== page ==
Pushkinskaya st. 43. office 10
Rostov-on-Don, Russia
e-mail: info@hjournal.ru 
tel. +7(863) 269-88-14

cubsEN (2)

Busines English or English for Economic Purposes: Similarites and Differences in the Foreigh Language Course Design at University

Busines English or English for Economic Purposes: Similarites and Differences in the Foreigh Language Course Design at University

Journal of Economic Regulation, , Vol. 9 (no. 3),

The article considers the problem of content selection for the development of a foreign language course for graduate students of non-linguistic specialties. The author asserts that learning a foreign language should be based on a foreign professional discourse and classifies its types in accordance with a discursive approach. The article presents detailed interpretation of economic discourse as a subtype of institutional one and business discourse, considered as the main content for a foreign language course at university. Both discourse types are closely interrelated but they have a number of fundamental differences. Economic discourse, regarded as an academic code or scientific language, consistently plunges us into the layers of the abstract language used to describe economic models and theories. All cases of using business language are interpreted as a process of business communication development, characterized by genre and contextual diversity within the same goal of doing business. Consequently, business discourse is the practical implementation of economic theoretical issues, which form the basis of economic discourse. In conclusion, the author gives recommendations on content design and materials development for master's degree students and appeals to take into account not only the personal motivational needs of a student, but also the requirements for undergraduate’s professional competence of labor market.

Keywords: business discourse; economic discourse; foreign language professional discourse; professional communication; foreign language course design; master course

  • Gural, S. K. (2009). Teaching foreign-language discourse as a highly complex selfdeveloping system: the author’s abstract. dis. ... Dr. ped. sciences. Tambov, 47 p. (in Russian).
  • Gural, S. K. (2008). Language as a self-developing system. Tomsk: Tomsk. University Publishing house, 118 p. (in Russian).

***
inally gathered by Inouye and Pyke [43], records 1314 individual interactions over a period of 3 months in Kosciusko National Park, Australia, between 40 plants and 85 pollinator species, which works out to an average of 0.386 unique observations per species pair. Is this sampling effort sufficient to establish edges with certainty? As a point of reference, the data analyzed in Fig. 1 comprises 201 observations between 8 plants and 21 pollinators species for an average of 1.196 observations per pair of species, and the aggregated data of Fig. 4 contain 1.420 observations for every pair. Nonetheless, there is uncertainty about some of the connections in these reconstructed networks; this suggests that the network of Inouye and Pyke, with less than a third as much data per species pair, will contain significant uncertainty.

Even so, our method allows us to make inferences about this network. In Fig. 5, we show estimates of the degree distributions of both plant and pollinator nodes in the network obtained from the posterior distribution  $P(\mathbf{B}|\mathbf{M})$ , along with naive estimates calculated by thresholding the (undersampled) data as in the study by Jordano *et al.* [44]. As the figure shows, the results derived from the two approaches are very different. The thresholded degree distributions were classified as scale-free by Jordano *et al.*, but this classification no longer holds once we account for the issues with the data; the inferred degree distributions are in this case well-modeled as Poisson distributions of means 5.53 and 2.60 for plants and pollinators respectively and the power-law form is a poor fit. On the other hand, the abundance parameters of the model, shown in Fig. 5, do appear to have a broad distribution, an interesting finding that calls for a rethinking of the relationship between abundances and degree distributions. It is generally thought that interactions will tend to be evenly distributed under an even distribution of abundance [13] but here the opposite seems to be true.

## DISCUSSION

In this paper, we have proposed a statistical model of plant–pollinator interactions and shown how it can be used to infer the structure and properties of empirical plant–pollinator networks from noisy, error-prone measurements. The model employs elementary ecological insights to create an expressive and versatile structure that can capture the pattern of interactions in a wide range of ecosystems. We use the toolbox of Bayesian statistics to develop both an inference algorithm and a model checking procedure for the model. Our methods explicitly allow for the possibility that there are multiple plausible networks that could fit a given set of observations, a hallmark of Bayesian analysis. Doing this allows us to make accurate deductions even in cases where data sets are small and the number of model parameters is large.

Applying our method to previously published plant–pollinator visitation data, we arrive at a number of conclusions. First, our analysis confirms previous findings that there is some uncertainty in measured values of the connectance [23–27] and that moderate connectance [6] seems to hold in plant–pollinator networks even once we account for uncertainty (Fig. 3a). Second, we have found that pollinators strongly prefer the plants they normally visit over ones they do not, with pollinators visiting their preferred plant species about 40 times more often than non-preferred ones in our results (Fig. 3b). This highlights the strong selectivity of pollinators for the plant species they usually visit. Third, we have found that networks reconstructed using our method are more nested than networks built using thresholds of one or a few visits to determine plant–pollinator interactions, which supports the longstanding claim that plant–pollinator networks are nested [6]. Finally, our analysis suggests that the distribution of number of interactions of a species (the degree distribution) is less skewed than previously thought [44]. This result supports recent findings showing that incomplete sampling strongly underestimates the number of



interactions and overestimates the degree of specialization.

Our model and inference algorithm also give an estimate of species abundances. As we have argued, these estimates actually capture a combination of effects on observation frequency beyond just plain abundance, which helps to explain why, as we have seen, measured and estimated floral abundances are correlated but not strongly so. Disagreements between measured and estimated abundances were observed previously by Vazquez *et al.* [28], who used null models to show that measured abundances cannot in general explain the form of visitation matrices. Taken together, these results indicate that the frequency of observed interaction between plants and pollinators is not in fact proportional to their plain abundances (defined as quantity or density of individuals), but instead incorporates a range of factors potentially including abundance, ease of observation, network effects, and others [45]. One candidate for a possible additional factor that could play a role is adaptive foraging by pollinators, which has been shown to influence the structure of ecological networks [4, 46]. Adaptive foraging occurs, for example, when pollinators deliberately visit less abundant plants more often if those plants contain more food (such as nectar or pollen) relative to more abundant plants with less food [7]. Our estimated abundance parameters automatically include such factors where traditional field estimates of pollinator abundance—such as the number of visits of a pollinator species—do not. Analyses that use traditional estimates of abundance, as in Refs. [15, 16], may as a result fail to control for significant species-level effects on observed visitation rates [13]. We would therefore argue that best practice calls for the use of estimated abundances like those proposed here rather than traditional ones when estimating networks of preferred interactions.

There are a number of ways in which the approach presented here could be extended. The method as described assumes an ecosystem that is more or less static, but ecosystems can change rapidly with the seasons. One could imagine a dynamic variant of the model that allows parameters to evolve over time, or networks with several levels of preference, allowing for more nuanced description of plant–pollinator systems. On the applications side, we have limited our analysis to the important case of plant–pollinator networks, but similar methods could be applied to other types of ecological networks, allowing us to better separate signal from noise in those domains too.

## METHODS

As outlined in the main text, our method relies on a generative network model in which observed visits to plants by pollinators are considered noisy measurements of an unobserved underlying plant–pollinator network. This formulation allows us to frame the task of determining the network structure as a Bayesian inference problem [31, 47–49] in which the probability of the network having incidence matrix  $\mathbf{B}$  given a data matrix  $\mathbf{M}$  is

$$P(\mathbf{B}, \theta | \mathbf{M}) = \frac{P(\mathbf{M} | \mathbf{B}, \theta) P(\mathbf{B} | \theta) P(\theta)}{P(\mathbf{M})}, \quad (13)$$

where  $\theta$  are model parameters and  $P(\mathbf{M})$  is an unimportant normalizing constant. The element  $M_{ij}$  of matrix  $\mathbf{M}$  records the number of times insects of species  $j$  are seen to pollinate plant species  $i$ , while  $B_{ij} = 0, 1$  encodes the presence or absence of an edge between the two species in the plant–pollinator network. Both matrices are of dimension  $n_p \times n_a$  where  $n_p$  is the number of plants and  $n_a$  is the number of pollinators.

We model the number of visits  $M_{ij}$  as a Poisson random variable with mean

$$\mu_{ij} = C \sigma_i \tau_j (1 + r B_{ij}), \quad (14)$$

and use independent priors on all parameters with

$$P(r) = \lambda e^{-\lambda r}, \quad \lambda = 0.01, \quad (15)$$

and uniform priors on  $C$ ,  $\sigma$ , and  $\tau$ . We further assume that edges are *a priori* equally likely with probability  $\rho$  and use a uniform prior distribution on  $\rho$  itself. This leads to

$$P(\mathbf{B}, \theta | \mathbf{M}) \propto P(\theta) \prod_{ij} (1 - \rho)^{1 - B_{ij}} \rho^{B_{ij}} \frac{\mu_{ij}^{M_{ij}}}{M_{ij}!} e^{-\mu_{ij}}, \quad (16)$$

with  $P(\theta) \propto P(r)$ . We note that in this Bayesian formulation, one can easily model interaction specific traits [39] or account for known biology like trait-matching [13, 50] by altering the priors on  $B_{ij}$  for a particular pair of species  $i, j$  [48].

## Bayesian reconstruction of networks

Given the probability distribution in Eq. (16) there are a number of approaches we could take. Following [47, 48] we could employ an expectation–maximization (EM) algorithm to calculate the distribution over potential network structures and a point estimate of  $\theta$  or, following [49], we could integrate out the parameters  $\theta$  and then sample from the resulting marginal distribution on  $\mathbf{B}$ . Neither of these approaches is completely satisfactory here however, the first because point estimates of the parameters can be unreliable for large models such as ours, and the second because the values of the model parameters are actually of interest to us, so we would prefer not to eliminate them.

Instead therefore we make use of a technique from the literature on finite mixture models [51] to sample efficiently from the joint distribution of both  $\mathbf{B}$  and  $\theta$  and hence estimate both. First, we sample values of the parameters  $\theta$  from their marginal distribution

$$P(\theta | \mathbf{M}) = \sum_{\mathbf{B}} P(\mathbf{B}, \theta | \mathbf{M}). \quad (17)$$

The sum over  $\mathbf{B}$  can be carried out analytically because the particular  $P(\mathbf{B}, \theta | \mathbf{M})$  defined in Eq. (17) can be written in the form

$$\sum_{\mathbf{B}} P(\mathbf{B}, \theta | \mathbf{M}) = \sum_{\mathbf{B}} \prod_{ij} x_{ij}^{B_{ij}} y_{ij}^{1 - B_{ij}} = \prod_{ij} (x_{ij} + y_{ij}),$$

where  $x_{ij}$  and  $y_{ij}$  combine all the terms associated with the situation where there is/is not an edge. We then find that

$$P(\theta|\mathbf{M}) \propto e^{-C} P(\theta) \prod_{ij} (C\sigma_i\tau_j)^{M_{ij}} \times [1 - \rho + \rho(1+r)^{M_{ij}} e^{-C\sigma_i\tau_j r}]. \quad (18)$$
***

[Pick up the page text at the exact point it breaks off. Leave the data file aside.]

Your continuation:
• Danyushina, Yu.V. (2010). Business Discourse: Term, Typology, Analysis, Izv. Volgograd. state. ped. un-ty.: Philological Sciences, № 2, 48–52. (in Russian).
  • Elukhina, N. V. (2002). The role of discourse in intercultural communication and developing a discursive competence. Foreign languages at school, 3, 9–13. (in Russian).
  • Karasik, V. I. (1998). On the categories of discourse. Language personality: sociolinguistic and emotive aspects. Volgograd: Peremena, 185–197. (in Russian).
  • Karasik, V. I. (2000). On the Types of Discourse. The Linguistic Person: Institutional and Personal Discourse. Volgograd: Peremena, 5–20. (in Russian).
  • Makarov, M. L. (2003). Fundamentals of discourse theory. M.: Gnosis, 280 p. (in Russian).
  • Makhnitskaya, E. Yu. (2002). About modern economic discourse. Speech activity. Text. Taganrog: TGPI, 158–161. (in Russian).
  • Makhnitskaya, E. Yu. (2007). Modern economic discourse in the cognitive paradigm: monograph. Rostov-on-Don, p. 232. (in Russian).
  • Minakova, L. Yu. (2015). Teaching foreign-language discourse to students of nonlinguistic specialties using professionally oriented project activity. – Tomsk: TSU Publishing House, 96 p. (in Russian).
  • Polenova, A. Yu. (2017). Integration of a foreign language and the content of professionallyoriented disciplines in the university. Online-journal “The World of Science”, 5(5) https://mir-nauki.com/PDF/15PDMN517. (in Russian).
  • Polenova, A. Yu. (2017). Implementation of the principles of the constructivist approach in teaching English for special purposes in a modern university. Journal of Economic Regulation, 8(3), 120–128. (in Russian).
  • Polyakov, O. G. (2008). Goals of professional-oriented teaching of foreign languages in higher education: the experience of formulation. Foreign languages at school, 1, 2–8. (in Russian).
  • Solovova, E. N. (2008). English for special purposes: what to teach, when to start, how to check? // English for non-philologists. Problems ESP. Voronezh, 5–13. (in Russian).
  • Pickett, D. (1986). Business English: falling between two styles. COMLON 26: 16–21.
  • Swales, J. (1990). Genre Analysis: English in Academic and Research Settings. Cambridge: Cambridge University Press.
  • Bargiela-Chiappini, F., Nickerson, C. and Planken, B. (2007). Business discourse. Basingstoke: Palgrave Macmillan., 288 p.
  • Bhatia, V. (2006). Discursive practices in disciplinary and professional contexts. Linguistic and Human Sciences, 2(1), 5–28.
  • Bhatia, V. (2008). Genre analysis, ESP and professional practice. English for Specific Purposes, 27, 161–174.
  • Bhatia, V. (2010). Interdiscursivity in professional communication. Discourse and Communication, 21(1), 32–50.
  • Charles, M. (1996). Business communications: Interdependence between discourse and the business relationship. English for Specific Purposes, 15, 19–36.
  • Dudley-Evans, T. and St. John, M. J. (1998). Developments in English for Specific Purposes: AMulti-disciplinary Approach. Cambridge: Cambridge University Press.
Publisher: Ltd. "Humanitarian perspectives"
Founder: Ltd. "Humanitarian perspectives"
Online ISSN: 2412-6047
ISSN: 2078-5429